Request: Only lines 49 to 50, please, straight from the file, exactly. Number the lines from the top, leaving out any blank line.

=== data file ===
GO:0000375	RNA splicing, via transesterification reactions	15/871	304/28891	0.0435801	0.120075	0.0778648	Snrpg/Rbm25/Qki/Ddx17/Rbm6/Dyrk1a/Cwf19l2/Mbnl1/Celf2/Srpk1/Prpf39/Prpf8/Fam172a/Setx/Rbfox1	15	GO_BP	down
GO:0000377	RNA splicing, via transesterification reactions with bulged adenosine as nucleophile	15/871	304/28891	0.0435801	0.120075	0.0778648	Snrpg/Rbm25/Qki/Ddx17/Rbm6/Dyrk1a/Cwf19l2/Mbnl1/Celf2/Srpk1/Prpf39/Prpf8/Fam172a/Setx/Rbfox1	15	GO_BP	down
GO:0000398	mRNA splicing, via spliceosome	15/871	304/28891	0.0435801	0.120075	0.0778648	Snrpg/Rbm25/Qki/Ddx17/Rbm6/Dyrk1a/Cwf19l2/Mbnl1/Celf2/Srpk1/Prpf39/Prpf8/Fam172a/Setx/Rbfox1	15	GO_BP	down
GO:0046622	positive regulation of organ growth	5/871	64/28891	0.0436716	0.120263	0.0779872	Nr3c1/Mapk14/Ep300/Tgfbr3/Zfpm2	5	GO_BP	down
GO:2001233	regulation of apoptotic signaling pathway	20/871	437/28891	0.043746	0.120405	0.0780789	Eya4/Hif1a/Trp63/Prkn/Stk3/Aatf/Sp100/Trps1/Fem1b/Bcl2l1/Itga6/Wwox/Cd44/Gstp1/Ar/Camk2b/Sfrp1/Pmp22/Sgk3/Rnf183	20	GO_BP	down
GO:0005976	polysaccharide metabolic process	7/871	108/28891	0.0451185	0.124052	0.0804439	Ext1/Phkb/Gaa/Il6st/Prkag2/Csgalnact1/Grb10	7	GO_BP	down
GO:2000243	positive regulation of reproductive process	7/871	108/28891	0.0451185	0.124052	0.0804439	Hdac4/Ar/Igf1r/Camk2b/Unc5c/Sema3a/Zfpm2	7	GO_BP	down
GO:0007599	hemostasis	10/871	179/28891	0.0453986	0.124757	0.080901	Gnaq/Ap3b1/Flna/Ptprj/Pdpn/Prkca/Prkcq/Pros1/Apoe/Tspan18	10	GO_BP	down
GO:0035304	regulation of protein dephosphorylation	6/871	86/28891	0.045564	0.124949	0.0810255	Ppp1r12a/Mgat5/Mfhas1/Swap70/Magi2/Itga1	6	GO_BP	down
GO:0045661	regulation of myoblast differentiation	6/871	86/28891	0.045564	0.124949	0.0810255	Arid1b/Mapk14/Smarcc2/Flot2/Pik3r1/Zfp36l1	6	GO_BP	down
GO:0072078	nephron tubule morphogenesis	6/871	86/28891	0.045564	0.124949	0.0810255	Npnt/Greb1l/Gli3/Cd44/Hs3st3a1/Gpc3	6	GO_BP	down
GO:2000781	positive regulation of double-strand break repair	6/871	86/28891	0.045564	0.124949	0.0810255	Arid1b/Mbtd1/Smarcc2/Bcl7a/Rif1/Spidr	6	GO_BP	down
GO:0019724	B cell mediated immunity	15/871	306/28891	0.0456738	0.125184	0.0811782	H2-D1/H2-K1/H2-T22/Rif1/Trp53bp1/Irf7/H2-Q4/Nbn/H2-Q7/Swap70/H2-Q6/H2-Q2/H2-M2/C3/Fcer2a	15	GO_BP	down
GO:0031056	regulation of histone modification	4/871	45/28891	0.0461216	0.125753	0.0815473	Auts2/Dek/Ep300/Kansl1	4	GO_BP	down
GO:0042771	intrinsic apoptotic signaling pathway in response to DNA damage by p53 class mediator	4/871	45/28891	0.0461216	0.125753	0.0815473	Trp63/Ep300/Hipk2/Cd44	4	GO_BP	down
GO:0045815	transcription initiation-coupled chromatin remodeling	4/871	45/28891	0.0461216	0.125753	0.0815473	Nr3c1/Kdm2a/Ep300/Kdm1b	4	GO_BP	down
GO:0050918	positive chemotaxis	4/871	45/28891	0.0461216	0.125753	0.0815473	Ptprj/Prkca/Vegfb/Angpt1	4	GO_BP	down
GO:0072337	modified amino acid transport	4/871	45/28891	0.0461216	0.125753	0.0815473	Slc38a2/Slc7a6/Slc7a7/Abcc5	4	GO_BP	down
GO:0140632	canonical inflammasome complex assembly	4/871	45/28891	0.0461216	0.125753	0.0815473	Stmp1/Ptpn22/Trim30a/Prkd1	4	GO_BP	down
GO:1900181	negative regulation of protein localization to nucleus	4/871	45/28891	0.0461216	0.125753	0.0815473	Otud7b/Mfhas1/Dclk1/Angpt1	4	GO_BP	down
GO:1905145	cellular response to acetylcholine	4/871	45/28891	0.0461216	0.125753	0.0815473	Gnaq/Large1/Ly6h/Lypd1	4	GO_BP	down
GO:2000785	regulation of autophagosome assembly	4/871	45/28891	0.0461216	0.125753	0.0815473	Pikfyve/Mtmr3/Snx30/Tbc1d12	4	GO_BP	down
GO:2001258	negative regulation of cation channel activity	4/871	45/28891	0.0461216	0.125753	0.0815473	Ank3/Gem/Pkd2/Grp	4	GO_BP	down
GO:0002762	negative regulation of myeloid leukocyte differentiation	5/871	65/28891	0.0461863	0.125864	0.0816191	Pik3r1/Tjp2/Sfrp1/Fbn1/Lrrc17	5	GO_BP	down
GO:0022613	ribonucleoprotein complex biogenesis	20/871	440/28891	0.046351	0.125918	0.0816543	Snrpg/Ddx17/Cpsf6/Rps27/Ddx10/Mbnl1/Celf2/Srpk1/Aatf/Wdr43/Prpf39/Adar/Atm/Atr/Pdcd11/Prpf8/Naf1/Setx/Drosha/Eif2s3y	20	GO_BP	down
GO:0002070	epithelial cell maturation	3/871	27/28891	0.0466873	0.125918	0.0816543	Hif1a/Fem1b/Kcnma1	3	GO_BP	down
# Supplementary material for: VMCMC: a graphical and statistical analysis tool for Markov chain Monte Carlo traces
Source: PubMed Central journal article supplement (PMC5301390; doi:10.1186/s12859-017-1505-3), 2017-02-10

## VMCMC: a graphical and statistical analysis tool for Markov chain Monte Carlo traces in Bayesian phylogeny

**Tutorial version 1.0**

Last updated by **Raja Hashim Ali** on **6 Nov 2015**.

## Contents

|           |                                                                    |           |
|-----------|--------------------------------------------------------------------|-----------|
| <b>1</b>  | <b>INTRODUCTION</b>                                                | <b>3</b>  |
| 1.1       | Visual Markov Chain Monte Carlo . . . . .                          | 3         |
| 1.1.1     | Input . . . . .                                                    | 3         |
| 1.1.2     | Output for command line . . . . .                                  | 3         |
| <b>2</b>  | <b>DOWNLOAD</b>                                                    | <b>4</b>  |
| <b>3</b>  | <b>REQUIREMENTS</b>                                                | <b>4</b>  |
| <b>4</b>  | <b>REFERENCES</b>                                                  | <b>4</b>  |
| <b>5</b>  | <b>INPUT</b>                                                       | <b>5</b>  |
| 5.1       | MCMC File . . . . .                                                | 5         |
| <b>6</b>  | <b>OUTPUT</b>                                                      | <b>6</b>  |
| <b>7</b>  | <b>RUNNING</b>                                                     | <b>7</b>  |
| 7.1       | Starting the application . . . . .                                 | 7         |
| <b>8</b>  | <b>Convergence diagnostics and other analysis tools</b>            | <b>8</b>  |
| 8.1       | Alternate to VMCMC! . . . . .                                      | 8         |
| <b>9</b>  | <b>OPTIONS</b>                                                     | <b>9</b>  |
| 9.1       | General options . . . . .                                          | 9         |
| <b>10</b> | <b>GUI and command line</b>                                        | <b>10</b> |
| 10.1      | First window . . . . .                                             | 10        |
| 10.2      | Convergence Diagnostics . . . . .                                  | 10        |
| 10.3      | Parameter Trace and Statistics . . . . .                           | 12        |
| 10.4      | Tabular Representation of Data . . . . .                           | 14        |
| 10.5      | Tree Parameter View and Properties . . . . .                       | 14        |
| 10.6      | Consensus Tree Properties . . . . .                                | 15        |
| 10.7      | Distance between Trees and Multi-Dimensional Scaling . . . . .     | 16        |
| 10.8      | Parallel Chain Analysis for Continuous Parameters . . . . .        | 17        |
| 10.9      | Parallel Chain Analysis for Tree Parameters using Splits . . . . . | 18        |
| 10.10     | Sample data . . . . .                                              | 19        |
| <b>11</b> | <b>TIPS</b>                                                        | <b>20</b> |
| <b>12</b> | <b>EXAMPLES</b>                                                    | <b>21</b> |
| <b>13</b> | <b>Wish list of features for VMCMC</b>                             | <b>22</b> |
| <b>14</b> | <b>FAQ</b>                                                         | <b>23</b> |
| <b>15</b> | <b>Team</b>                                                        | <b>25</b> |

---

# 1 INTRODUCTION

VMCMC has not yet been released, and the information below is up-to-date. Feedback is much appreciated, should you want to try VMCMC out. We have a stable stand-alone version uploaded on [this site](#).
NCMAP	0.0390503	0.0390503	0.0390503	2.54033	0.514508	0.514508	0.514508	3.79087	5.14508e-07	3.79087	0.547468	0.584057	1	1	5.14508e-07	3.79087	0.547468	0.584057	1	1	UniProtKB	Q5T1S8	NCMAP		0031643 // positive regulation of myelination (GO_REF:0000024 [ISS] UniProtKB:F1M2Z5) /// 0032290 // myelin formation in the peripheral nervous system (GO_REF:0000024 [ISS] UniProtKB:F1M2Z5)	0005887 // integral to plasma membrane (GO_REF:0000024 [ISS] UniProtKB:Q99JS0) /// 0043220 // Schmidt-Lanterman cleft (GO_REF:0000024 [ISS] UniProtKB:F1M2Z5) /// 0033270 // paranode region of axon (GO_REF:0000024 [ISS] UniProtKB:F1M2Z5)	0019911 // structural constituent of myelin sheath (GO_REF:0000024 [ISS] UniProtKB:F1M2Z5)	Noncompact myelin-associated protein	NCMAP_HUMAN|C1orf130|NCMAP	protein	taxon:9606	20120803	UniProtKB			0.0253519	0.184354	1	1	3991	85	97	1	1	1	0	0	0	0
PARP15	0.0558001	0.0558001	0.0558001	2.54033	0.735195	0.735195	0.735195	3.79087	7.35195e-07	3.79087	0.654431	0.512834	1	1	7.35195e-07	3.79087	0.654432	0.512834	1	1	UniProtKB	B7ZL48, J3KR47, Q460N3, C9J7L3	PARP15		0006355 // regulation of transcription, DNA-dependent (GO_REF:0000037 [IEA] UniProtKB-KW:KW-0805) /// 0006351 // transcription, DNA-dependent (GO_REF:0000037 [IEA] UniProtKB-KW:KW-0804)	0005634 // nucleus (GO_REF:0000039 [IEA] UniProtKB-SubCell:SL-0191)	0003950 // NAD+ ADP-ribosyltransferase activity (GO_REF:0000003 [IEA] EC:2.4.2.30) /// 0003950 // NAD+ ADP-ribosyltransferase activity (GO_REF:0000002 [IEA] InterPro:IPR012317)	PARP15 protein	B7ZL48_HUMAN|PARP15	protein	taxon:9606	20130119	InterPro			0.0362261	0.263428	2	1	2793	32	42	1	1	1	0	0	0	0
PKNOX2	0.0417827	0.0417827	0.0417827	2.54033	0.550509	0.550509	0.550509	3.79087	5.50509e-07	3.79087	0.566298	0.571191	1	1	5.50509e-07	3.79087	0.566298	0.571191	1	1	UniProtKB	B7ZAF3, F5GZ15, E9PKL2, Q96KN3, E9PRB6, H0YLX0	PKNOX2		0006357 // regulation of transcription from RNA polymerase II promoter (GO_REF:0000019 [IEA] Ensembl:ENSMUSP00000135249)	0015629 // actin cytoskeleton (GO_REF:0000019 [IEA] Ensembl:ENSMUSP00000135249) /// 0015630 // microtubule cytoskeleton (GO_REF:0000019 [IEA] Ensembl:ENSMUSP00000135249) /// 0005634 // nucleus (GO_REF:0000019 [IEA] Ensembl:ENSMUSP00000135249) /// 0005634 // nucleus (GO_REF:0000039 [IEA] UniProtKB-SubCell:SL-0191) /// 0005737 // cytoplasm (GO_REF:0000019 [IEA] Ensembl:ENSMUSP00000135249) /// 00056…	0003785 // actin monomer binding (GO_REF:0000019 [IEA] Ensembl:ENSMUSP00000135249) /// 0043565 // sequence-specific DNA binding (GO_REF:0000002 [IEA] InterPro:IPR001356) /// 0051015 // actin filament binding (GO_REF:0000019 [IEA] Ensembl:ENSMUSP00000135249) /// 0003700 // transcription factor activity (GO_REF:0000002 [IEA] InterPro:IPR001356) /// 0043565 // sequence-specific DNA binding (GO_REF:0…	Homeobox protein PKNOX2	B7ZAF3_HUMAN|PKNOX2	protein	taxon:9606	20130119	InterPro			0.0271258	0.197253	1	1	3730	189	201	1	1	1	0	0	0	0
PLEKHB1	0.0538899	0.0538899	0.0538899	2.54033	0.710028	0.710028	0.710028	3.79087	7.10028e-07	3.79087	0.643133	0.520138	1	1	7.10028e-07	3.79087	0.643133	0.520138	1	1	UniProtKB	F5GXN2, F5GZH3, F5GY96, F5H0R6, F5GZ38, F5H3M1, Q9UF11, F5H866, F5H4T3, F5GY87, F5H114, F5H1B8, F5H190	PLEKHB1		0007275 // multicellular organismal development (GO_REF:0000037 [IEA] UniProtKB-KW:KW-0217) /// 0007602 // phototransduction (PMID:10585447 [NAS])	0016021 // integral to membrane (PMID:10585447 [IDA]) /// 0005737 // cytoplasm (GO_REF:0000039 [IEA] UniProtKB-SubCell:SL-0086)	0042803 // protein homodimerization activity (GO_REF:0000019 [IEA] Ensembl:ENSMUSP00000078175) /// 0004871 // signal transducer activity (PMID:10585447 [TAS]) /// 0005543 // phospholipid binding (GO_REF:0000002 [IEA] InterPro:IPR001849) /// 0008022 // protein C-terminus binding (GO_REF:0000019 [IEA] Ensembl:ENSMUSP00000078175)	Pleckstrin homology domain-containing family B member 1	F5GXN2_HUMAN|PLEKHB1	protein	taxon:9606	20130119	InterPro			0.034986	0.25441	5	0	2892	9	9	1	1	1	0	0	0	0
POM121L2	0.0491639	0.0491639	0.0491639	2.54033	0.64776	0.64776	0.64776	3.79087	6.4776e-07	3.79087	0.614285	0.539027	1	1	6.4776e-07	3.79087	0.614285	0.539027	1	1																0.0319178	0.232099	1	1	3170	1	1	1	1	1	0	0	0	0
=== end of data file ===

| <b>9</b>  | <b>OPTIONS</b>                                                     | <b>9</b>  |
| 9.1       | General options . . . . .                                          | 9         |